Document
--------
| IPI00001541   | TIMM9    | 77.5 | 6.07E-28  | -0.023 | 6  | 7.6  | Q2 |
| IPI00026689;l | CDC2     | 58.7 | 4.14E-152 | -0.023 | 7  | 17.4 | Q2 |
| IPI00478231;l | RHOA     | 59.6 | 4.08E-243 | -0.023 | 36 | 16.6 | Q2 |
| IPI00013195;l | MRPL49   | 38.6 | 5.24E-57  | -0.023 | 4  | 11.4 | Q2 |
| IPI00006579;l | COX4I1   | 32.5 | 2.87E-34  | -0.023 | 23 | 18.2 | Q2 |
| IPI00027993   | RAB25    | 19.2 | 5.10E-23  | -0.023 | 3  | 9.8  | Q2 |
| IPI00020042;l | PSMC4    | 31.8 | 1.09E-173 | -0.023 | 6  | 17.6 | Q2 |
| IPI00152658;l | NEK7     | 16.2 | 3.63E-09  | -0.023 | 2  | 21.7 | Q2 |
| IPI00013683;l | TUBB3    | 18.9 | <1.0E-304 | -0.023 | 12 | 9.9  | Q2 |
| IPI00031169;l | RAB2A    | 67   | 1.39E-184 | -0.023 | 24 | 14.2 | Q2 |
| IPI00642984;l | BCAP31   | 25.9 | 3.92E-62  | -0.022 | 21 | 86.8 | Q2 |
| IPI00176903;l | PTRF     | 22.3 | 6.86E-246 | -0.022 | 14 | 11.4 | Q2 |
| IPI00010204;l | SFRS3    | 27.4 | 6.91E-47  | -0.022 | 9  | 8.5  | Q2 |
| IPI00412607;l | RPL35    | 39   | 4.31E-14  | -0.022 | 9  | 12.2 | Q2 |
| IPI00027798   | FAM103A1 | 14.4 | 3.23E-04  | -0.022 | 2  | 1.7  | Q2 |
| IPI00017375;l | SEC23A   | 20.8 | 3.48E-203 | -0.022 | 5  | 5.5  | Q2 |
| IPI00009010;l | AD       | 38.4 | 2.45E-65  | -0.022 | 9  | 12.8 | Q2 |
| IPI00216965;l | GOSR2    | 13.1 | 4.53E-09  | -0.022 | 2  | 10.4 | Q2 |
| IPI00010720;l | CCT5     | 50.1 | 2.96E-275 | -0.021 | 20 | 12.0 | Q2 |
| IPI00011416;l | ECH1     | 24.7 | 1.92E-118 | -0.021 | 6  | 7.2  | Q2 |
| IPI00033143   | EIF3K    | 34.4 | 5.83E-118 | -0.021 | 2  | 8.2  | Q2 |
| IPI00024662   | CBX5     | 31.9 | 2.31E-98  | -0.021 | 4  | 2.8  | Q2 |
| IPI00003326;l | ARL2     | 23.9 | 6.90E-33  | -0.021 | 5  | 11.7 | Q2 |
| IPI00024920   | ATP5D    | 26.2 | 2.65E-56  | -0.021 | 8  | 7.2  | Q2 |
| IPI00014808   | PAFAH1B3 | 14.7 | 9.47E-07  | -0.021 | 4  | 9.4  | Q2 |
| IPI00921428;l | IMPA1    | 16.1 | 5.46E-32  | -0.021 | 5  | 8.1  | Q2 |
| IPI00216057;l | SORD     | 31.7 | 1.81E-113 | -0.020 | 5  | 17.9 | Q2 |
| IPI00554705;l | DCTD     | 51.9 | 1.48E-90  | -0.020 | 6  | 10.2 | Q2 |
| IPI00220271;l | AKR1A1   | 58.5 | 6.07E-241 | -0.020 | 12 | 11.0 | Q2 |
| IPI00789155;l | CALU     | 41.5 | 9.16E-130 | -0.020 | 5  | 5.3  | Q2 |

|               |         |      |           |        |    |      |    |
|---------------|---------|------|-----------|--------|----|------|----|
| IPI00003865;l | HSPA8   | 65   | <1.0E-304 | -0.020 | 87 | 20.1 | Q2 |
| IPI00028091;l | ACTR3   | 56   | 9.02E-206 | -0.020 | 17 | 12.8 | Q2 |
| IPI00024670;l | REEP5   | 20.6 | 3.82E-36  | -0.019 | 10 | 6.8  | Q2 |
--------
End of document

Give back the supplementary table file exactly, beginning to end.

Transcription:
| IPI00001541   | TIMM9    | 77.5 | 6.07E-28  | -0.023 | 6  | 7.6  | Q2 |
| IPI00026689;l | CDC2     | 58.7 | 4.14E-152 | -0.023 | 7  | 17.4 | Q2 |
| IPI00478231;l | RHOA     | 59.6 | 4.08E-243 | -0.023 | 36 | 16.6 | Q2 |
| IPI00013195;l | MRPL49   | 38.6 | 5.24E-57  | -0.023 | 4  | 11.4 | Q2 |
| IPI00006579;l | COX4I1   | 32.5 | 2.87E-34  | -0.023 | 23 | 18.2 | Q2 |
| IPI00027993   | RAB25    | 19.2 | 5.10E-23  | -0.023 | 3  | 9.8  | Q2 |
| IPI00020042;l | PSMC4    | 31.8 | 1.09E-173 | -0.023 | 6  | 17.6 | Q2 |
| IPI00152658;l | NEK7     | 16.2 | 3.63E-09  | -0.023 | 2  | 21.7 | Q2 |
| IPI00013683;l | TUBB3    | 18.9 | <1.0E-304 | -0.023 | 12 | 9.9  | Q2 |
| IPI00031169;l | RAB2A    | 67   | 1.39E-184 | -0.023 | 24 | 14.2 | Q2 |
| IPI00642984;l | BCAP31   | 25.9 | 3.92E-62  | -0.022 | 21 | 86.8 | Q2 |
| IPI00176903;l | PTRF     | 22.3 | 6.86E-246 | -0.022 | 14 | 11.4 | Q2 |
| IPI00010204;l | SFRS3    | 27.4 | 6.91E-47  | -0.022 | 9  | 8.5  | Q2 |
| IPI00412607;l | RPL35    | 39   | 4.31E-14  | -0.022 | 9  | 12.2 | Q2 |
| IPI00027798   | FAM103A1 | 14.4 | 3.23E-04  | -0.022 | 2  | 1.7  | Q2 |
| IPI00017375;l | SEC23A   | 20.8 | 3.48E-203 | -0.022 | 5  | 5.5  | Q2 |
| IPI00009010;l | AD       | 38.4 | 2.45E-65  | -0.022 | 9  | 12.8 | Q2 |
| IPI00216965;l | GOSR2    | 13.1 | 4.53E-09  | -0.022 | 2  | 10.4 | Q2 |
| IPI00010720;l | CCT5     | 50.1 | 2.96E-275 | -0.021 | 20 | 12.0 | Q2 |
| IPI00011416;l | ECH1     | 24.7 | 1.92E-118 | -0.021 | 6  | 7.2  | Q2 |
| IPI00033143   | EIF3K    | 34.4 | 5.83E-118 | -0.021 | 2  | 8.2  | Q2 |
| IPI00024662   | CBX5     | 31.9 | 2.31E-98  | -0.021 | 4  | 2.8  | Q2 |
| IPI00003326;l | ARL2     | 23.9 | 6.90E-33  | -0.021 | 5  | 11.7 | Q2 |
| IPI00024920   | ATP5D    | 26.2 | 2.65E-56  | -0.021 | 8  | 7.2  | Q2 |
| IPI00014808   | PAFAH1B3 | 14.7 | 9.47E-07  | -0.021 | 4  | 9.4  | Q2 |
| IPI00921428;l | IMPA1    | 16.1 | 5.46E-32  | -0.021 | 5  | 8.1  | Q2 |
| IPI00216057;l | SORD     | 31.7 | 1.81E-113 | -0.020 | 5  | 17.9 | Q2 |
| IPI00554705;l | DCTD     | 51.9 | 1.48E-90  | -0.020 | 6  | 10.2 | Q2 |
| IPI00220271;l | AKR1A1   | 58.5 | 6.07E-241 | -0.020 | 12 | 11.0 | Q2 |
| IPI00789155;l | CALU     | 41.5 | 9.16E-130 | -0.020 | 5  | 5.3  | Q2 |

|               |         |      |           |        |    |      |    |
|---------------|---------|------|-----------|--------|----|------|----|
| IPI00003865;l | HSPA8   | 65   | <1.0E-304 | -0.020 | 87 | 20.1 | Q2 |
| IPI00028091;l | ACTR3   | 56   | 9.02E-206 | -0.020 | 17 | 12.8 | Q2 |
| IPI00024670;l | REEP5   | 20.6 | 3.82E-36  | -0.019 | 10 | 6.8  | Q2 |